History of Oregon by Oregon Historical Society
homeSection 6Subtopic: Cultural Enterp...
Subtopic : Education, Arts, and Letters: Cultural Enterprises

Themes: Social Relations, Arts

 
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Log Rolling Competition
Albany Timber Carnival
Oregon State Highway Collection
OrHi 100633

In addition to its rich literary heritage, Oregon has a long history of other cultural enterprises. German, Scandinavian, and numerous other ethnic organizations proliferated in the late 1800s. Immigrant groups formed social and ethnic clubs to provide meeting places for Old World celebrations, dances, and other social activities.

Some cultural festivals have evolved through time to become the state’s more popular community celebrations. Since 1961, for example, Junction City’s annual four-day Scandinavian Festival has been devoted to celebrating the foodways, fashions, folk music, and dancing associated with Norway, Finland, Sweden, Denmark, and Iceland. Each August, Junction City’s downtown is transformed with booths, entertainment, glass-blowing demonstrations, and other cultural events.

The small town of Mt. Angel in the Willamette Valley has celebrated an annual harvest festival since 1966. With German sausage, music, craft booths, and dancing in a huge bier garden, the Oktoberfest draws more than 300,000 people to the mid-September event. Astoria hosts a Finnish gala each year, and Portland puts on a Nordic festival.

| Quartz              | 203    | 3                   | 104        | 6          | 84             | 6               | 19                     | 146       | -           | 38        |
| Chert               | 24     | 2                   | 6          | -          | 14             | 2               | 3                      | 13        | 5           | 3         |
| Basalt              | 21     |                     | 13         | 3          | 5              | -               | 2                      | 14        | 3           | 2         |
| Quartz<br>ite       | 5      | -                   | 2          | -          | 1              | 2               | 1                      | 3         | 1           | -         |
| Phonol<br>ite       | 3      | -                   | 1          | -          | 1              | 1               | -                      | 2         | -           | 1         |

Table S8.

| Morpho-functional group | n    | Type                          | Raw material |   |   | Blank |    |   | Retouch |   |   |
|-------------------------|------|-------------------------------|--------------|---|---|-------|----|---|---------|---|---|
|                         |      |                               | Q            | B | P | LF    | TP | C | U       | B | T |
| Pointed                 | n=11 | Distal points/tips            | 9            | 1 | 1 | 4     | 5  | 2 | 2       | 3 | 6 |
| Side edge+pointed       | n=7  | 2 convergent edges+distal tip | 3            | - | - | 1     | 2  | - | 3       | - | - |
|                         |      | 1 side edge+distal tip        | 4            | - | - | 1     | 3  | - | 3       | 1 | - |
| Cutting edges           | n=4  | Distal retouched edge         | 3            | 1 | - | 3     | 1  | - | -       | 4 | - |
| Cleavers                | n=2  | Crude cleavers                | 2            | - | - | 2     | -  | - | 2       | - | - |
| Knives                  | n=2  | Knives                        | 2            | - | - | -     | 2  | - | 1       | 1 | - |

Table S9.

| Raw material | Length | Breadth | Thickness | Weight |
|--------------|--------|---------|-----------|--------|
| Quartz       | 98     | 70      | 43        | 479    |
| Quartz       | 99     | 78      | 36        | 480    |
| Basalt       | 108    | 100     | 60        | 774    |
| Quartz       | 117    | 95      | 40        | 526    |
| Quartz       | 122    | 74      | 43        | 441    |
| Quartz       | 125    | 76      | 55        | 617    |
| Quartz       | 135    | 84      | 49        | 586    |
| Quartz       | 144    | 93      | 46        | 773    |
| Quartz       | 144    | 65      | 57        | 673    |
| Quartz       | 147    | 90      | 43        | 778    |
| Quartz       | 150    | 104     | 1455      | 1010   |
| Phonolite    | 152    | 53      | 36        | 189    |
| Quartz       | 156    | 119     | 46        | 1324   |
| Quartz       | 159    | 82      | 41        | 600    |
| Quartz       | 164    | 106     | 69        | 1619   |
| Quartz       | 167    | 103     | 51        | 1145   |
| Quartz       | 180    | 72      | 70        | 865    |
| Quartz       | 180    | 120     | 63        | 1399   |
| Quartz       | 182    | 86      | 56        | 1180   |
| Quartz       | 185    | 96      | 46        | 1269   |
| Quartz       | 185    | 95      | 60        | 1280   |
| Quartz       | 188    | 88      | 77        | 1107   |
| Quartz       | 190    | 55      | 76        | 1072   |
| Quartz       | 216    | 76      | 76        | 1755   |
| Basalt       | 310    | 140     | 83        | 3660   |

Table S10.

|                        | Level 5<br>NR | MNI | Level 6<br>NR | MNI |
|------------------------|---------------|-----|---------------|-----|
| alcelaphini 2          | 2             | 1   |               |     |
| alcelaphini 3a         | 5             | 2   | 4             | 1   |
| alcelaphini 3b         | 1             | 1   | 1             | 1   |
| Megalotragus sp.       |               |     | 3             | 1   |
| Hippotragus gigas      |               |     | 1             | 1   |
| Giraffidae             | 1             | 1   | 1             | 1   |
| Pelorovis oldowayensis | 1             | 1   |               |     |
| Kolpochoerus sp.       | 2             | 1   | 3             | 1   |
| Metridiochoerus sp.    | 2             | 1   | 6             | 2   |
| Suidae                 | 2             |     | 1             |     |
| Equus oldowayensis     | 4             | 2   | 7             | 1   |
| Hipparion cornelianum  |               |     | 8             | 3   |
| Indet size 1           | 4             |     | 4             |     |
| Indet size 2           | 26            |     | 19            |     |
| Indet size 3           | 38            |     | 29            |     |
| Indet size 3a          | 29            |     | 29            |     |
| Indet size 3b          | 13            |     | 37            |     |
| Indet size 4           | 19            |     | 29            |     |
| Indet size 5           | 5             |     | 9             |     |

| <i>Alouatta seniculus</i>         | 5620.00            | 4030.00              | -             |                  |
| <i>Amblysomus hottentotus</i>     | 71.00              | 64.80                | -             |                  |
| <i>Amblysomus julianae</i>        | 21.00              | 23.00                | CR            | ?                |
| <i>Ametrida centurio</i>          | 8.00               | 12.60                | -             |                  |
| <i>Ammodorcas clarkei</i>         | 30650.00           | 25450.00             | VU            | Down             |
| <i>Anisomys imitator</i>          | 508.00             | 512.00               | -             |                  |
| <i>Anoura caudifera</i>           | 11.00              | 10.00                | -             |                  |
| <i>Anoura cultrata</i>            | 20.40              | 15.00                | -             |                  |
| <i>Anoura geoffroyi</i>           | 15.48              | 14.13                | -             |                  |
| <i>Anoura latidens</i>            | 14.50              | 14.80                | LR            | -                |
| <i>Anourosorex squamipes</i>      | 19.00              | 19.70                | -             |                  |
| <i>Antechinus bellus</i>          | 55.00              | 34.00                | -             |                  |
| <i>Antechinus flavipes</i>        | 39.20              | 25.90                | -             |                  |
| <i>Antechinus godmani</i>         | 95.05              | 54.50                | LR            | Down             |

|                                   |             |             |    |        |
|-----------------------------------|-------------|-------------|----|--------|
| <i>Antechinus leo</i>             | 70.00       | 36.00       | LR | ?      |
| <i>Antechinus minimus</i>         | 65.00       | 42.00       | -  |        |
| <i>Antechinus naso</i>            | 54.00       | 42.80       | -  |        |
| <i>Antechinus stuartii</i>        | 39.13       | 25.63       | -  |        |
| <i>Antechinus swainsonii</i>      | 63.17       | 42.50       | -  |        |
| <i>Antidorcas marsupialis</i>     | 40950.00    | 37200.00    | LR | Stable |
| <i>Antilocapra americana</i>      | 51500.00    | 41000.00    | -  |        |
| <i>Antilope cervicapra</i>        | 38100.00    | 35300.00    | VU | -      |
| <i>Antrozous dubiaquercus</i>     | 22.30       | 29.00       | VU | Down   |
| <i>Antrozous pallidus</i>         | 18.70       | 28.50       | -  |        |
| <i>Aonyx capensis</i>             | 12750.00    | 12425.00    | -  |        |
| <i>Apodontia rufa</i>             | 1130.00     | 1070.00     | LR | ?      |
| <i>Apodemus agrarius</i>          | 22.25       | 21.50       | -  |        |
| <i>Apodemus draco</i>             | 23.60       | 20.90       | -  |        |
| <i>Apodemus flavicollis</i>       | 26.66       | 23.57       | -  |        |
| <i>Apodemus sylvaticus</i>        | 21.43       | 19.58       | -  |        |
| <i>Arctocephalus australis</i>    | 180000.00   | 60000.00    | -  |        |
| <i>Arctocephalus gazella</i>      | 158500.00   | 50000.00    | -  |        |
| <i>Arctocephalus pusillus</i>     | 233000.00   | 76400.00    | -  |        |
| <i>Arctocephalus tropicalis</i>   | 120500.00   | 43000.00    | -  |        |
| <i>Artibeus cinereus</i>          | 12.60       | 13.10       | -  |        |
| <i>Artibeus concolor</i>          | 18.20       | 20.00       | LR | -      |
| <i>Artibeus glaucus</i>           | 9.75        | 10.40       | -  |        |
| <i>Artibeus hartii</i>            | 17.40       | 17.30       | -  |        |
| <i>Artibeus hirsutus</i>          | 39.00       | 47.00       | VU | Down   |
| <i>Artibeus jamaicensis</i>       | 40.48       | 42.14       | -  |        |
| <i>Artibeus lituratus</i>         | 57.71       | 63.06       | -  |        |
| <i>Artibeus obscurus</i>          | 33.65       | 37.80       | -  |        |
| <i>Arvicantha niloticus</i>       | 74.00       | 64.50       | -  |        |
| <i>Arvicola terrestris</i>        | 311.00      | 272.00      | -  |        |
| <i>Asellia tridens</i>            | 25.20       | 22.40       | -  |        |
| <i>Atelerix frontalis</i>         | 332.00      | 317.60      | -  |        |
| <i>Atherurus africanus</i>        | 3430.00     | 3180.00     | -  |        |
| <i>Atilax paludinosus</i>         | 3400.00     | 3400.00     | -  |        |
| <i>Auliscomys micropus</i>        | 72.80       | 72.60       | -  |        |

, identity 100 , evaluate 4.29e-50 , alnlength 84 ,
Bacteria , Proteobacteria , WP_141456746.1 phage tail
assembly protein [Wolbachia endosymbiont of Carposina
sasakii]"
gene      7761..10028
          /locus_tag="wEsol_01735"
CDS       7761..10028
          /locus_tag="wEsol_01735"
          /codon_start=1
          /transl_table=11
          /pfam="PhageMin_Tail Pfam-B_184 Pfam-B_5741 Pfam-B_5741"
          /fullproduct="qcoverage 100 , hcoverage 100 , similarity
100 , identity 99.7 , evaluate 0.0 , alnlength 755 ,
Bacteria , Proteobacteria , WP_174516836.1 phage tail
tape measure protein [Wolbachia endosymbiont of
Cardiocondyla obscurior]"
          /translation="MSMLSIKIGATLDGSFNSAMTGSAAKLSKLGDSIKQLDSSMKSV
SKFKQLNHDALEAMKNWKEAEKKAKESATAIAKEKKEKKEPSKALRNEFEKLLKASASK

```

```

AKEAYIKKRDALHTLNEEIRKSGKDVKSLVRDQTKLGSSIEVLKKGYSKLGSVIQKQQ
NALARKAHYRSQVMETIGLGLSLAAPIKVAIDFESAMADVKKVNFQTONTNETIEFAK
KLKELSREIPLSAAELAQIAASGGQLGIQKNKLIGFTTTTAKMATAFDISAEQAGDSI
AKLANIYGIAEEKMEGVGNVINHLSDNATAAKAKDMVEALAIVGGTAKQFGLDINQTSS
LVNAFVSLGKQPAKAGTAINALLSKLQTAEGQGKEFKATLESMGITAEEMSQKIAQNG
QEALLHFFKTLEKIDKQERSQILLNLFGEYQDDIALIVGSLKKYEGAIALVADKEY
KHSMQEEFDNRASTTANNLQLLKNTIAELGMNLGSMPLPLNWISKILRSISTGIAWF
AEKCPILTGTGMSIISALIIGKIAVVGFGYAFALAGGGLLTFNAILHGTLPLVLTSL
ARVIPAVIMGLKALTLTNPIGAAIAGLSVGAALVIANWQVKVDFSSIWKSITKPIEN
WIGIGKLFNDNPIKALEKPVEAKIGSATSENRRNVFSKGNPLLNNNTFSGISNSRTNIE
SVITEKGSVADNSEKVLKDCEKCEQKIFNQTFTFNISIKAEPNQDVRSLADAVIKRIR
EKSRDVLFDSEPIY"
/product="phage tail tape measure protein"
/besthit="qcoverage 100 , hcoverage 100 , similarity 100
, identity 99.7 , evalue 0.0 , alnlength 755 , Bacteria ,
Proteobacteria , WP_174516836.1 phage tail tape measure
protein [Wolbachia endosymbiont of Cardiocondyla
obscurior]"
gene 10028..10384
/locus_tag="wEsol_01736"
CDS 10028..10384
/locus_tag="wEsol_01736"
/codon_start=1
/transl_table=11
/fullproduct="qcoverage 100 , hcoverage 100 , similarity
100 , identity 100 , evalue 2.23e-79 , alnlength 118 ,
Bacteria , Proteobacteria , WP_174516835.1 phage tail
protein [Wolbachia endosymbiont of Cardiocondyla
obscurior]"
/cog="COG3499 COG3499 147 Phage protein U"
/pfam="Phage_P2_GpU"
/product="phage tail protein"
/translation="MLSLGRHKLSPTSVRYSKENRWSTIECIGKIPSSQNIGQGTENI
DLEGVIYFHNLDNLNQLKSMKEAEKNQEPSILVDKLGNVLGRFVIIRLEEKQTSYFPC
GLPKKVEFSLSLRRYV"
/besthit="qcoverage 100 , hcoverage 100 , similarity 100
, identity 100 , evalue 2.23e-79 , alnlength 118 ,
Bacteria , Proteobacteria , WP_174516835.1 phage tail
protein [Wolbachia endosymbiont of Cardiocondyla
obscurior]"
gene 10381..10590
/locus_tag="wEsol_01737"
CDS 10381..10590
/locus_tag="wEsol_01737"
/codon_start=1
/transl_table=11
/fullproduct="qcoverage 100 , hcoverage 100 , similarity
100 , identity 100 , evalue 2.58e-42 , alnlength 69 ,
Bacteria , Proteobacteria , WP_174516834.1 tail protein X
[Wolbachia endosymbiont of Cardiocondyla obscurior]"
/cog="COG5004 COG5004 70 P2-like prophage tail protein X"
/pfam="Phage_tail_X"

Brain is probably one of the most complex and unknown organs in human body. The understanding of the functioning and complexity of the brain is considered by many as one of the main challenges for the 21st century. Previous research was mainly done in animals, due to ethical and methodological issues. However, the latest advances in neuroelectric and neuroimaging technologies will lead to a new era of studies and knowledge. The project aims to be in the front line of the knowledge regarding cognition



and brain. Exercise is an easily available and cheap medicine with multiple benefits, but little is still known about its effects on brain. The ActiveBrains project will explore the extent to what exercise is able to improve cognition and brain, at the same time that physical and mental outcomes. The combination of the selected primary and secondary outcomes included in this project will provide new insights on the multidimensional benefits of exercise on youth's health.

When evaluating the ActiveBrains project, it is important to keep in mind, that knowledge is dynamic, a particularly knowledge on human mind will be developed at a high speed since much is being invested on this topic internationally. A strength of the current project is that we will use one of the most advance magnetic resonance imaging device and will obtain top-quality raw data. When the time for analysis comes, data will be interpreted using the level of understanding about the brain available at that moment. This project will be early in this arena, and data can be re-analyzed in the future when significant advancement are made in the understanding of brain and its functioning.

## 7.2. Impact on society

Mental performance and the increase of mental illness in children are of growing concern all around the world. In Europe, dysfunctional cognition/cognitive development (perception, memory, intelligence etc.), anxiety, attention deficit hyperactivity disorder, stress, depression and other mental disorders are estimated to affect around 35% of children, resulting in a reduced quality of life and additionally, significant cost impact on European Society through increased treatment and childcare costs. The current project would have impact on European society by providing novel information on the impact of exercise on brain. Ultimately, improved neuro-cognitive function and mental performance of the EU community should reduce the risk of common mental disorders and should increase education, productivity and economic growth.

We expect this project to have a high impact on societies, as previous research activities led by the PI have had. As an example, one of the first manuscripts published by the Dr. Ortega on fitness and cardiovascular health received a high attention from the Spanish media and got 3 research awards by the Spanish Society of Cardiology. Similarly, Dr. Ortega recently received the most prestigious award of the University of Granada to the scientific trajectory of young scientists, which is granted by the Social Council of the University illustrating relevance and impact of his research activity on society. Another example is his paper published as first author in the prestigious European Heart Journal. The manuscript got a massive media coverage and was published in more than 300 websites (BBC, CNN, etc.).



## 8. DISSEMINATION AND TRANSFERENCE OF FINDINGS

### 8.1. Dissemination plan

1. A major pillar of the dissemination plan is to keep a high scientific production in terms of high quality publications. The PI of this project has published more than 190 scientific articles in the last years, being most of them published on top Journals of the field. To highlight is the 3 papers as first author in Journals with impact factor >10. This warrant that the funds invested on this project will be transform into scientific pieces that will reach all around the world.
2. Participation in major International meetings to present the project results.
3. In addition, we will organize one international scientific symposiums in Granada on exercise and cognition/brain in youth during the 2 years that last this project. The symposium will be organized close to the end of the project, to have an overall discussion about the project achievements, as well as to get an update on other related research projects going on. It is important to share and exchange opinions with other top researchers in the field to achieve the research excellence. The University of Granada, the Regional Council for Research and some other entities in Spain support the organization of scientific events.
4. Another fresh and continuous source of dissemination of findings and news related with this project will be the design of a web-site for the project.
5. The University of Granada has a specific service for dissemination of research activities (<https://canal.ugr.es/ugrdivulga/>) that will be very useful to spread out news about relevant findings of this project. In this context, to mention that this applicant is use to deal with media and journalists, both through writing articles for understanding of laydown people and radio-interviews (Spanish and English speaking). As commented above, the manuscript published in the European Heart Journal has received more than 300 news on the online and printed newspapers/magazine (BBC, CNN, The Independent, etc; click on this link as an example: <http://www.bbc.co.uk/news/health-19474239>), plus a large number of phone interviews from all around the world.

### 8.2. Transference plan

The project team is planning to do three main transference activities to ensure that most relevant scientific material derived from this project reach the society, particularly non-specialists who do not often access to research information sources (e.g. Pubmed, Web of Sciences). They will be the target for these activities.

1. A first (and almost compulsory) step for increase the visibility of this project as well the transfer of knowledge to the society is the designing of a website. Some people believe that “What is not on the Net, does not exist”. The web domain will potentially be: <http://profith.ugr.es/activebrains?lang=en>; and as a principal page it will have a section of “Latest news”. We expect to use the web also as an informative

Since the 1940s, the Albany World Championship Timber Carnival has attracted competitors from all over the world to participate in logging skills contests. For four days over the Fourth of July weekend, men and women have competed in climbing, chopping, bucking, and burling contests. Because of smaller crowds and the state’s declining timber economy, the city of Albany discontinued the once-popular carnival in 2002.

Oregon’s cultural establishments include long-standing institutions such as the Oregon Historical Society (established in 1898), the Portland Art Museum (1892), the Columbia River Maritime Museum (1962), the High Desert Museum in Bend (1982), and the Columbia Gorge Discovery Center in The Dalles (1997). New tribal cultural centers include The Museum at Warm Springs (1993) and the Tamástslikt Cultural Institute in Pendleton (1998). The Museum at Warm Springs, designed as a living tribute to the people of the Confederated Tribes of the Warm Springs Reservation, houses tribal artifacts, historic photos, an impressive collection of Indian material culture, and valuable documents. The Tamástslikt Cultural Institute of the Confederated Tribes of the Umatilla Reservation, located outside Pendleton, was conceived with the purpose of documenting and protecting the unique traditions of the Cayuse, Umatilla, and Walla Walla peoples. Tamástslikt’s valuable holdings include tribal archival materials and a growing collection of historical photographs. The private, non-profit High Desert Museum also has significant Native cultural collections and exhibits as well as exhibits that focus on the natural and cultural heritage of the Northwest’s arid interior.

© William G. Robbins, 2002



Themes: Social Relations,Arts

Regions: Oregon

Date: 1900-2003

Author: William G. Robbins

Summary:
Oregon has enjoyed a rich history of community celebrations and long-standing cultural institutions.

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